By DR. LARRY MOSES
No one asked me but… Can someone explain to me why there is so much opposition to educational reform in Clark County. When you are last in the nation, would it not seem logical that there would be a hue and cry for change.
The hue and cry is being heard by the State Legislature but it is falling on deaf ears at the Board of Trustees of CCSD. Actually, that is not correct, the Board of Trustees are more like the child who puts his fingers in his ears so he cannot hear.
CCSD Test scores are some of the lowest in the nation, 6,000 -7,000 seniors each year do not graduate, a majority of graduates are required to take remedial math and English courses when they go to college, and students who can are fleeing the comprehensive high schools in droves.
Since 2015 legislative session there has been an effort made at the State Legislature to correct these educational deficiencies within CCSD. For the most part, these efforts have been fought by the School Board of Trustees and the Central Office administrators who are apparently in denial.
The District’s refusal brings to mind a cancer patient who refuses the treatment than can save his life. One must wonder if the CCSD Board of Trustees will continue to refuse the medicine being offered until they die and the State places the District in a receivership.
What started as an attempt to break the 322,000-student school district into smaller more manageable units, ended in a defense of the status quo. All one has to do is follow the power flow chart to see that there has been no change in the structure of the CCSD. Under the old structure, the decision making started with the Superintendent. It then flowed down through a number of Associate Superintendents, through 16 School Area Superintendents over 16 Performance Zones, through the Principal, to the staff. Under the reorganization, the only change made was the name of the School Area Superintendent to the School Associate Superintendent. The decision making remains from the top down. The School Organizational Teams that were theoretically designed to bring decision making to the local level have no decision-making power, they are advisory bodies only.
The reform movement reminds one of the man who was found looking for a lost wallet under a street light. When asked where he lost his wallet, he said, “over there by that tree”. When asked why he wasn’t looking under the tree, he replied “the light is better here”. Why does CCSD continue to look for answers to their failures by maintaining the status quo? It is basically because they can see better operating under the status quo.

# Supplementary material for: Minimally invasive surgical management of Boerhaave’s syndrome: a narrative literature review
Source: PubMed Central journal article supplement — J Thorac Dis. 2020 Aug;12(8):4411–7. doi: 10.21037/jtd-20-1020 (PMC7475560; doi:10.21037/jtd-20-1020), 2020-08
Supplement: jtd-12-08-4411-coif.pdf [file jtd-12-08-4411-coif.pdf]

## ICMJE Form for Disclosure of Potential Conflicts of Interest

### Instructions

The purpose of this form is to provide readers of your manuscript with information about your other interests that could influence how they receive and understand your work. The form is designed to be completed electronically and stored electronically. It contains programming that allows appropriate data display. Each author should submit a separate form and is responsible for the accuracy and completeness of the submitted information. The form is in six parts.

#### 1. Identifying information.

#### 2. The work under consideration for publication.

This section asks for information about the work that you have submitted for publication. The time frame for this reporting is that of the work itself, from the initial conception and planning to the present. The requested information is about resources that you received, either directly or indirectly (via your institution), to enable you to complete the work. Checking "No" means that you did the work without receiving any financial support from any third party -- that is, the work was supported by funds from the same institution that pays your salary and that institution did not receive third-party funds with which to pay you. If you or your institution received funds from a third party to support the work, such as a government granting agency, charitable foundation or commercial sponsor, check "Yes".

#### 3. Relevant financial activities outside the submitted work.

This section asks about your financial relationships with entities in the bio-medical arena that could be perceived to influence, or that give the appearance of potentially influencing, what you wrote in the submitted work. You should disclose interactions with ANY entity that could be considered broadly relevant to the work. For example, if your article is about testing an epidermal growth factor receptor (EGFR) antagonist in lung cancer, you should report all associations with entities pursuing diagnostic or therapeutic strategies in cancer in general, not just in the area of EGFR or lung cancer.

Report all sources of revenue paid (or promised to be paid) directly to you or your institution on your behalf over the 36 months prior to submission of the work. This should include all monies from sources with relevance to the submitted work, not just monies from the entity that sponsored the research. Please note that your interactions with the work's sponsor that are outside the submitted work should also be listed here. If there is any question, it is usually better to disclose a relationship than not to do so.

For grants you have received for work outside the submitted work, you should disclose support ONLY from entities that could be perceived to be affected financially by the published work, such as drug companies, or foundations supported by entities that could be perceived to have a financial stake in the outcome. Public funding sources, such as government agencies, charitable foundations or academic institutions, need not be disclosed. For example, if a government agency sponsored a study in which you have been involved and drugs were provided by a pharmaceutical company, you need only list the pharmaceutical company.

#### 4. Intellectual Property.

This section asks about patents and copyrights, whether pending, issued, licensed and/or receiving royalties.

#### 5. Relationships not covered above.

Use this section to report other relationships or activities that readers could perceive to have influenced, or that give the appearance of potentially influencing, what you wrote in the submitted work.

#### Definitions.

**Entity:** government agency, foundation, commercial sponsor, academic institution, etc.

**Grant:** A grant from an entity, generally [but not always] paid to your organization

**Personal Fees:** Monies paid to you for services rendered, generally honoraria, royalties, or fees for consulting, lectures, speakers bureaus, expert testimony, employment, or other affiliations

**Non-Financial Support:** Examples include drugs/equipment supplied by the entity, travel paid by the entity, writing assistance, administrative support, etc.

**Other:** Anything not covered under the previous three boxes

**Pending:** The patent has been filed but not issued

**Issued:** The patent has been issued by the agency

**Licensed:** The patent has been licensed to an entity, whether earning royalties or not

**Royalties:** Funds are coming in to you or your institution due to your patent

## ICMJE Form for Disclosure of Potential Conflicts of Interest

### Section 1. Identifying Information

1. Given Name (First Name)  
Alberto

No one asked me but… It is time for CCSD officials to stop playing the poverty card. The issue is not a lack of funding. The FINAL 2017-18 budget presented to the State Department of Education has a total funding for the District of $4,762,732,199. If one divides that number by the number of students claimed in the budget document, the district is spending $14,816 per student. While there is an overall budget surplus, the Superintendent claims there is a $50-$60 million shortfall in the General/SPED portion of the budget. He is quick to point out that there are three sections to the budget: the General/SPED, Debt Service, and Other Funds (Building and sites, Capital projects, Federal Projects, Special Revenue, State Projects, Food service and internal service) to the CCSD budget and these cannot be co-mingled.
While the district claims that they are $50-$60 million dollars short in the General/Sped budget, they have failed to indicate why they are short. They list programs they want to fund, or have to fund, that total about $53,000,000. But those should have been included in their budget. One can easily see where they over projected the amount of DSA funding by $26 per student. At worst that would be an 8.3 million dollars shortfall. However, if the Superintendent’s count of over 322,000 students is correct, the shortfall is more likely between $3-$5 million
The DSA is only one of four major funding sources for the District including: Local School Support Tax (Lsst), property tax, and the Government Services Tax (GST). There are nine other lesser sources: private and government gifts and grants, franchise fees, sales assets, Federal Forest Reserve and Impact aid payments, Tuition payable from other school districts, Sumer school tuition, investment earnings, income from student activities, and donations. If one werer to assume that the General/SPED budget signed by the CFO and the CCSD Board of Trustees as the FINAL budget for 2017-18 school years was done correctly, all the funding and expenses were accounted for. Therefore, somewhere amongst these various funding sources, the District should be able to indicate where the $50-$60 million shortfall is to be found. If the problem were the District’s funding sources were over projected, that is on the financial department. If this $53 million worth of projects appeared after the final budget was submitted, that is on the various educational departments. In either case, the incompetency lands at the doorstep of the Superintendent. The Superintendent has indicated this is no time to point fingers. However, if you don’t pinpoint the cause of a problem, you will never solve it. If you only treat the symptoms, the disease with remain.
I am sure if anyone in the District were to read this column, which I find highly unlikely, they might challenge the numbers and the assumptions presented here. They would explain that I do not understand all the implications of the budget and this is probably true. However, it would be nice to know what funding source or sources came up short.
Thought of the week… “Sometimes I wonder whether the world is being run by smart people who are putting us on or by imbeciles who really mean it.”
Laurence J. Peter,
The Peter Principle